Open Access Open Badges Study protocol

Reducing disease burden and health inequalities arising from chronic disease among Indigenous children: an early childhood caries intervention

Jessica Merrick1*, Alwin Chong2, Eleanor Parker1, Kaye Roberts-Thomson1, Gary Misan3, John Spencer1, John Broughton4, Herenia Lawrence5 and Lisa Jamieson1

Author affiliations

1 Australian Research Centre for Population Oral Health, University of Adelaide School of Dentistry, Adelaide, Australia

2 Menzies School of Health Research, Charles Darwin University, Darwin, Australia

3 University of South Australia, Adelaide, Australia

4 Ngai Tahu Maori Health Research Unity, University of Otago, Dunedin, New Zealand

5 School of Dentistry, University of Toronto, Toronto, Canada

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Citation and License

BMC Public Health 2012, 12:323  doi:10.1186/1471-2458-12-323

Published: 2 May 2012



This study seeks to determine if implementing a culturally-appropriate early childhood caries (ECC) intervention reduces dental disease burden and oral health inequalities among Indigenous children living in South Australia, Australia.


This paper describes the study protocol for a randomised controlled trial conducted among Indigenous children living in South Australia with an anticipated sample of 400. The ECC intervention consists of four components: (1) provision of dental care; (2) fluoride varnish application to the teeth of children; (3) motivational interviewing and (4) anticipatory guidance. Participants are randomly assigned to two intervention groups, immediate (n = 200) or delayed (n = 200). Provision of dental care (1) occurs during pregnancy in the immediate intervention group or when children are 24-months in the delayed intervention group. Interventions (2), (3) and (4) occur when children are 6-, 12- and 18-months in the immediate intervention group or 24-, 30- and 36-months in the delayed intervention group. Hence, all participants receive the ECC intervention, though it is delayed 24 months for participants who are randomised to the control-delayed arm. In both groups, self-reported data will be collected at baseline (pregnancy) and when children are 24- and 36-months; and child clinical oral health status will be determined during standardised examinations conducted at 24- and 36-months by two calibrated dental professionals.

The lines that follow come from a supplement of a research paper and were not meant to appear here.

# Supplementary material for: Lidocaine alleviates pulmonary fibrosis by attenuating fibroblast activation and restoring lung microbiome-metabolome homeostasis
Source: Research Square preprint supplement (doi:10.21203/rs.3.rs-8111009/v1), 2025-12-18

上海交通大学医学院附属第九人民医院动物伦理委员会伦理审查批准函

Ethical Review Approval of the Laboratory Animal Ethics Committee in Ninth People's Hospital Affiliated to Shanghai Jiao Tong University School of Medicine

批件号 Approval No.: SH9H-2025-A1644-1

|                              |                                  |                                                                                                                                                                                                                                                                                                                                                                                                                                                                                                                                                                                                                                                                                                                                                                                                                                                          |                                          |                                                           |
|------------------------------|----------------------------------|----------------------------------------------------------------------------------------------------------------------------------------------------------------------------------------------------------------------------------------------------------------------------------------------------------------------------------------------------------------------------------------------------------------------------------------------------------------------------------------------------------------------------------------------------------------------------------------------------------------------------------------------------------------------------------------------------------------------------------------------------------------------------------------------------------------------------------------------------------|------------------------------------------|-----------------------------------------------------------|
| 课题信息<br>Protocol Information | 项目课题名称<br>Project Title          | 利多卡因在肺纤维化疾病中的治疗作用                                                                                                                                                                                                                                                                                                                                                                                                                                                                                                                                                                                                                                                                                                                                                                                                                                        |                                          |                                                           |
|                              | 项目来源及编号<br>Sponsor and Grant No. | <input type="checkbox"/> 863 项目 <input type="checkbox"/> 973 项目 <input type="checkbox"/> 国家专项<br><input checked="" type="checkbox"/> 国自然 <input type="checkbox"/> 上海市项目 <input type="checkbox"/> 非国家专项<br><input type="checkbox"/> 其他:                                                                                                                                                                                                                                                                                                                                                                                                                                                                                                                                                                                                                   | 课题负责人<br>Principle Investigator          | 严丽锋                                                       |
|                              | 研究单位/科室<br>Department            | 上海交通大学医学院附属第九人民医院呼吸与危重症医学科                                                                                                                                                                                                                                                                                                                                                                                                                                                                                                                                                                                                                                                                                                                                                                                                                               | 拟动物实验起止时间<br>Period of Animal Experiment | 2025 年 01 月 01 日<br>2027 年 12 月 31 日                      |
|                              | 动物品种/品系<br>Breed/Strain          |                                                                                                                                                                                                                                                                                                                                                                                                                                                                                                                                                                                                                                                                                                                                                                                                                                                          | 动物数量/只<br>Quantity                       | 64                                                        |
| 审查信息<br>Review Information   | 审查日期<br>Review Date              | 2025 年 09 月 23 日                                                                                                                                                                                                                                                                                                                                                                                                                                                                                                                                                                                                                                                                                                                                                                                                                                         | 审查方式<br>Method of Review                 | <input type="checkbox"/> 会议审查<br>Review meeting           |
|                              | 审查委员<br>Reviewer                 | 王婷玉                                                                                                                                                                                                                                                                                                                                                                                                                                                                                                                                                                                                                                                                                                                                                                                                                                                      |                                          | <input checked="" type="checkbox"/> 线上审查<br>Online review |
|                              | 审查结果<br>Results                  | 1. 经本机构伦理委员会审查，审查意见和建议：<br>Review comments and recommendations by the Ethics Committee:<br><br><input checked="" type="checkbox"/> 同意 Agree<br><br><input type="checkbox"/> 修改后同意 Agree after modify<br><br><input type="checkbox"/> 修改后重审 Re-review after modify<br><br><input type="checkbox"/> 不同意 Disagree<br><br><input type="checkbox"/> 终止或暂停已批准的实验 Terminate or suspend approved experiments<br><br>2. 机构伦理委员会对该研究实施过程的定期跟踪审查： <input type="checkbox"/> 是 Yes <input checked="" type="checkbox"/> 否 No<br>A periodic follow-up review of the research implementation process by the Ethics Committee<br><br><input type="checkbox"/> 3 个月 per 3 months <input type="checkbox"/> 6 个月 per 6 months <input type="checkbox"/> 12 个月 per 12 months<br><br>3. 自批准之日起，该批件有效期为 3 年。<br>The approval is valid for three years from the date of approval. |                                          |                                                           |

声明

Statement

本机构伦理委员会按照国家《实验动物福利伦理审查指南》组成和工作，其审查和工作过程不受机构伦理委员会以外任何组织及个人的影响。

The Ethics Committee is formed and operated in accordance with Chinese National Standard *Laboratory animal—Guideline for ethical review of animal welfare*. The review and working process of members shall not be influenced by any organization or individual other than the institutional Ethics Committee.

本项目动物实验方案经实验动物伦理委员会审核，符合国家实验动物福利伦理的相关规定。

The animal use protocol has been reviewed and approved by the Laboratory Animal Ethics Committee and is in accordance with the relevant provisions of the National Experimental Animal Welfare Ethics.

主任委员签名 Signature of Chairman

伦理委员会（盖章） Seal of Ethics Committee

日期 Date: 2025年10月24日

Expected outcomes will address whether exposure to a culturally-appropriate ECC intervention is effective in reducing dental disease burden and oral health inequalities among Indigenous children living in South Australia.